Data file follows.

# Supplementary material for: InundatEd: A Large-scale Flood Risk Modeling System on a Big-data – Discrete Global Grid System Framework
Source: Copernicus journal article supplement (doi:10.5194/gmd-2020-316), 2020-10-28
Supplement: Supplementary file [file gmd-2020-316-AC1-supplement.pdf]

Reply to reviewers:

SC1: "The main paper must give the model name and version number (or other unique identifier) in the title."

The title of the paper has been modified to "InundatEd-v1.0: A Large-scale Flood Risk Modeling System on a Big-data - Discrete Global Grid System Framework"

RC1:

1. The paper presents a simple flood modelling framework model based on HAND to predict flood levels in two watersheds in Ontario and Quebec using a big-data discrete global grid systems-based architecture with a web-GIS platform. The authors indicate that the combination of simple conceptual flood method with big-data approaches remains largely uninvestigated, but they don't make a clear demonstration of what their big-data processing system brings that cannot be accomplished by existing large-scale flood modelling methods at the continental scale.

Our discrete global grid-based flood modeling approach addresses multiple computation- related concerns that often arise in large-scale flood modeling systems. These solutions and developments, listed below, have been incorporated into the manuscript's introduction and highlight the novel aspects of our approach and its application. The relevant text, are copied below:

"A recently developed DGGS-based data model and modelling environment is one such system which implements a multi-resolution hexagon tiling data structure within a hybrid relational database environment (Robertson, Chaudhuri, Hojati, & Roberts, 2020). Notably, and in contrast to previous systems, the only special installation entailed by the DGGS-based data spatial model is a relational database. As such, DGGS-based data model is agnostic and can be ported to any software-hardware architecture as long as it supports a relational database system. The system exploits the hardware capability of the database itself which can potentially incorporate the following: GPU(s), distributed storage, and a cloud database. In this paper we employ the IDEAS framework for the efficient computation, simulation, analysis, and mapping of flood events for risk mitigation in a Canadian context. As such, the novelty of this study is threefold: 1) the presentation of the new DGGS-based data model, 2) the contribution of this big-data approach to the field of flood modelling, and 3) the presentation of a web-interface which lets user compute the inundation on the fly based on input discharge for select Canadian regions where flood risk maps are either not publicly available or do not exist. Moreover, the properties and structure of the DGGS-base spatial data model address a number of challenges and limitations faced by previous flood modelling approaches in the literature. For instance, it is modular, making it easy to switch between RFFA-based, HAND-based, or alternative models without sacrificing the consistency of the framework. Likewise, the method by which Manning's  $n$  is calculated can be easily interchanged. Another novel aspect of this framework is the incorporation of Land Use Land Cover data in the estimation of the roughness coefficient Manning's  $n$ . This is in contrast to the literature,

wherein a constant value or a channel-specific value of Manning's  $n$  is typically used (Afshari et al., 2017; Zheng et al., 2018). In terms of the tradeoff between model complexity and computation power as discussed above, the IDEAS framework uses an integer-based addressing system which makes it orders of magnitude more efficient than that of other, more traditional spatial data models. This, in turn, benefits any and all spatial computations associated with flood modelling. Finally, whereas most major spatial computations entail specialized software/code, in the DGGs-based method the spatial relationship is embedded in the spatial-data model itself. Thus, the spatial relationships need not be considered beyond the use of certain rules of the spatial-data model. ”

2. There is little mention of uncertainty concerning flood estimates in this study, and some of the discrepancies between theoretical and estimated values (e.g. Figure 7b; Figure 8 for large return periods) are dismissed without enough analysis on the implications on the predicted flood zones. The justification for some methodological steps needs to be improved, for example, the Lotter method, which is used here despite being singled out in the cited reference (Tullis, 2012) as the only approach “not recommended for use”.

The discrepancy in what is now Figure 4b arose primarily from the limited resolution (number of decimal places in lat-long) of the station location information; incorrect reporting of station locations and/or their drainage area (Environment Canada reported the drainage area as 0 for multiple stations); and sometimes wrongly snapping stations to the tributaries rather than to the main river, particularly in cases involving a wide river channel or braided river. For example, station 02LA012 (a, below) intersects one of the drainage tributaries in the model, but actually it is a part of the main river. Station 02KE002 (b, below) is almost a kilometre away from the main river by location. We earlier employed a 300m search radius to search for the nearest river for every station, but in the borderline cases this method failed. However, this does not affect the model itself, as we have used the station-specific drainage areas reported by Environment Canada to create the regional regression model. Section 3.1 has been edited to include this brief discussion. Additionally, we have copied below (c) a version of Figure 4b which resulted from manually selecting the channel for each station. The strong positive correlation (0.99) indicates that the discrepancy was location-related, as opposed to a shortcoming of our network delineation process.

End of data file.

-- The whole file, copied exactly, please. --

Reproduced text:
# Supplementary material for: InundatEd: A Large-scale Flood Risk Modeling System on a Big-data – Discrete Global Grid System Framework
Source: Copernicus journal article supplement (doi:10.5194/gmd-2020-316), 2020-10-28
Supplement: Supplementary file [file gmd-2020-316-AC1-supplement.pdf]

Reply to reviewers:

SC1: "The main paper must give the model name and version number (or other unique identifier) in the title."

The title of the paper has been modified to "InundatEd-v1.0: A Large-scale Flood Risk Modeling System on a Big-data - Discrete Global Grid System Framework"

RC1:

1. The paper presents a simple flood modelling framework model based on HAND to predict flood levels in two watersheds in Ontario and Quebec using a big-data discrete global grid systems-based architecture with a web-GIS platform. The authors indicate that the combination of simple conceptual flood method with big-data approaches remains largely uninvestigated, but they don't make a clear demonstration of what their big-data processing system brings that cannot be accomplished by existing large-scale flood modelling methods at the continental scale.

Our discrete global grid-based flood modeling approach addresses multiple computation- related concerns that often arise in large-scale flood modeling systems. These solutions and developments, listed below, have been incorporated into the manuscript's introduction and highlight the novel aspects of our approach and its application. The relevant text, are copied below:

"A recently developed DGGS-based data model and modelling environment is one such system which implements a multi-resolution hexagon tiling data structure within a hybrid relational database environment (Robertson, Chaudhuri, Hojati, & Roberts, 2020). Notably, and in contrast to previous systems, the only special installation entailed by the DGGS-based data spatial model is a relational database. As such, DGGS-based data model is agnostic and can be ported to any software-hardware architecture as long as it supports a relational database system. The system exploits the hardware capability of the database itself which can potentially incorporate the following: GPU(s), distributed storage, and a cloud database. In this paper we employ the IDEAS framework for the efficient computation, simulation, analysis, and mapping of flood events for risk mitigation in a Canadian context. As such, the novelty of this study is threefold: 1) the presentation of the new DGGS-based data model, 2) the contribution of this big-data approach to the field of flood modelling, and 3) the presentation of a web-interface which lets user compute the inundation on the fly based on input discharge for select Canadian regions where flood risk maps are either not publicly available or do not exist. Moreover, the properties and structure of the DGGS-base spatial data model address a number of challenges and limitations faced by previous flood modelling approaches in the literature. For instance, it is modular, making it easy to switch between RFFA-based, HAND-based, or alternative models without sacrificing the consistency of the framework. Likewise, the method by which Manning's  $n$  is calculated can be easily interchanged. Another novel aspect of this framework is the incorporation of Land Use Land Cover data in the estimation of the roughness coefficient Manning's  $n$ . This is in contrast to the literature,

wherein a constant value or a channel-specific value of Manning's  $n$  is typically used (Afshari et al., 2017; Zheng et al., 2018). In terms of the tradeoff between model complexity and computation power as discussed above, the IDEAS framework uses an integer-based addressing system which makes it orders of magnitude more efficient than that of other, more traditional spatial data models. This, in turn, benefits any and all spatial computations associated with flood modelling. Finally, whereas most major spatial computations entail specialized software/code, in the DGGs-based method the spatial relationship is embedded in the spatial-data model itself. Thus, the spatial relationships need not be considered beyond the use of certain rules of the spatial-data model. ”

2. There is little mention of uncertainty concerning flood estimates in this study, and some of the discrepancies between theoretical and estimated values (e.g. Figure 7b; Figure 8 for large return periods) are dismissed without enough analysis on the implications on the predicted flood zones. The justification for some methodological steps needs to be improved, for example, the Lotter method, which is used here despite being singled out in the cited reference (Tullis, 2012) as the only approach “not recommended for use”.

The discrepancy in what is now Figure 4b arose primarily from the limited resolution (number of decimal places in lat-long) of the station location information; incorrect reporting of station locations and/or their drainage area (Environment Canada reported the drainage area as 0 for multiple stations); and sometimes wrongly snapping stations to the tributaries rather than to the main river, particularly in cases involving a wide river channel or braided river. For example, station 02LA012 (a, below) intersects one of the drainage tributaries in the model, but actually it is a part of the main river. Station 02KE002 (b, below) is almost a kilometre away from the main river by location. We earlier employed a 300m search radius to search for the nearest river for every station, but in the borderline cases this method failed. However, this does not affect the model itself, as we have used the station-specific drainage areas reported by Environment Canada to create the regional regression model. Section 3.1 has been edited to include this brief discussion. Additionally, we have copied below (c) a version of Figure 4b which resulted from manually selecting the channel for each station. The strong positive correlation (0.99) indicates that the discrepancy was location-related, as opposed to a shortcoming of our network delineation process.